Keeping Up with E-Commerce

By on May 30, 2014 in News

As online sales continue to rise, the signs of the Internet’s impact on retail real estate are hard toshutterstock_4428025

According to projections by Forrester Research, cross-channel retail sales—including those influenced by online information but completed in stores—will hit $1.8 trillion by 2017, up from $1.2 trillion in 2012. Projections of new-store openings hold more subtle clues. Cassidy Turley estimates that restaurants will account for 43 percent of the 38,000 new-store openings expected this year. Until 2011, new-restaurant openings averaged only about 35 percent of the total. The result hints that online sales are contributing to a broad slowdown in non-restaurant retail expansion, according to Garrick Brown, director of research for Terranomics, Cassidy Turley’s retail affiliate.

For retail real estate management, the implications of e-commerce are both far-reaching and complex. The much-noted preference for smaller footprints is a fact of life for many electronics retailers, department stores and other categories, which can treat their stores as showrooms, notes David Birnbrey, chairman & co-CEO of the Shopping Center Group.

The influence of online shopping on this shift is impossible to miss. As a rule of thumb, Birnbrey says, the most likely products to be sold via e-commerce are those people don’t mind waiting for. For instance, according to the most recent estimates by the Census Bureau, computers and consumer electronics account for 22 percent of all Internet sales. Apparel, the runner-up, makes up 18 percent—the only other category to reach more than 10 percent of total online sales.

Yet rising online sales do not negate the value of a strong brick-and-mortar presence for apparel retailers. Ordering a DVD online is one thing, but customers like to see clothing and try it on before taking out their wallets.

In this fast-changing environment, retailers are expanding the complementary use of different retail channels. Fulfillment is one activity demonstrating robust growth, with bigger retailers increasingly fulfilling e-commerce orders from their stores, observes Bryan Jensen, vice president & principal of supply-chain strategy and logistics consulting firm St. Onge Co.

By the end of last year, Best Buy Co. was offering its ship-from-store service at more than 400 locations. Macy’s, too, is expanding its omni-channel services, with plans to make fulfillment available at 500 stores. And in November, Gap Inc. expanded its “Reserve in Store” service to more than 200 Gap stores in 15 markets as well as its entire Banana Republic portfolio. Customers are invited to order as many as five items, which are held at the store for pickup until the next business day.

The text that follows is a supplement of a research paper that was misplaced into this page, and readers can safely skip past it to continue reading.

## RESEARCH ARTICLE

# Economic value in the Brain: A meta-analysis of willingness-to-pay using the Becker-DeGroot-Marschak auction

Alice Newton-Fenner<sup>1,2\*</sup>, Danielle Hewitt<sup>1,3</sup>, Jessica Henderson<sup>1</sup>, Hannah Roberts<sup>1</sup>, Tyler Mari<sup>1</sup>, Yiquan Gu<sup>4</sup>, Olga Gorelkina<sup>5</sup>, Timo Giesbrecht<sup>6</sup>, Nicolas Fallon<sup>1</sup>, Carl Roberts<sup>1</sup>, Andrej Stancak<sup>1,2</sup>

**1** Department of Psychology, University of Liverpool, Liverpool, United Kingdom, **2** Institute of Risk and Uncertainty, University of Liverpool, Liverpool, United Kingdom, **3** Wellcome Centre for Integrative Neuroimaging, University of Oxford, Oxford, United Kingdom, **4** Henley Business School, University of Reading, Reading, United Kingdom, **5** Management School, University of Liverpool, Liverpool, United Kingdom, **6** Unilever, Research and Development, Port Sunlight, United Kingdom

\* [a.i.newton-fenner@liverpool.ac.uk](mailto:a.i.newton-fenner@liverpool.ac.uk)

On the flip side, some retailers are downsizing their stores, partly vacating a large-scale footprint. That presents a series of challenges for the owner and its leasing agent, since they have to ensure enough frontage for the retailer that replaces them, according to Jeff Green, a veteran retail real estate consultant based in Phoenix. But space that needs backfilling also gives the management team a chance to refresh a center—for instance, replacing an office products store with a strong anchor like Whole Foods.

More complex are some new strategies emerging from a combination of growth in e-commerce and continued economic recovery. Macy’s, for instance, drew headlines in January when it announced intentions to shutter stores in a number of states—including Arizona, Kansas, Maryland, New York and Utah—and trim about 2,500 jobs. Its focus on its online sales was widely cited as a factor, but amid the buzz about the closings, the company’s plans for new stores may have been overlooked. By fall 2016, the department store chain expects to open stores Macy’s-brand stores ranging from 150,000 to 195,000 square feet in the Bronx, N.Y., Las Vegas, Miami, Ponce, Puerto Rico, and Sarasota, Fla.

During that stretch, Macy’s will also roll out new Bloomingdale’s stores in Honolulu, Miami and Palo Alto, Calif. Of note, the 120,000-square-foot store at Stanford Shopping Center in Palo Alto will replace an aging predecessor that, at 229,000 square feet, is also twice the new store’s size.

Executives cite such cases as evidence that e-commerce is bringing about an evolution of real estate management strategies rather than an abandonment of brick and mortar. Moreover, forward-thinking owners and retailers are riding other e-commerce trends to make their stores more competitive. In 2012, Forest City upgraded WiFi capability throughout its portfolio. The step allowed the company and its tenants to adapt to the constantly changing mobile devices that retail center visitors use to enhance their shopping, according to Jane Lisy, senior vice president of marketing for Forest City Enterprises Inc.’s commercial group.

Owners can even employ online tools to give shoppers a say in managing centers. As part of its makeover of Short Pump Mall, a 1.2 million-square-foot regional center in Richmond, Va., Forest City invites mall customers to visit The website is a vehicle for owners to seek community feedback on projects, as well as to provide updates. By mid-February, the Short Pump page had attracted 177 suggestions for possible retail and restaurant tenants and another 78 ideas about amenities at the property.

Paul Rosta is senior editor at Commercial Property Executive. This discussion of e-commerce is excerpted from a larger article published as part of a special report on e-commerce that appeared in the March 2014 issue of CPE. The special report includes a Q&A with industrial sector leaders about how e-commerce is shaping demand for specialized fulfillment centers.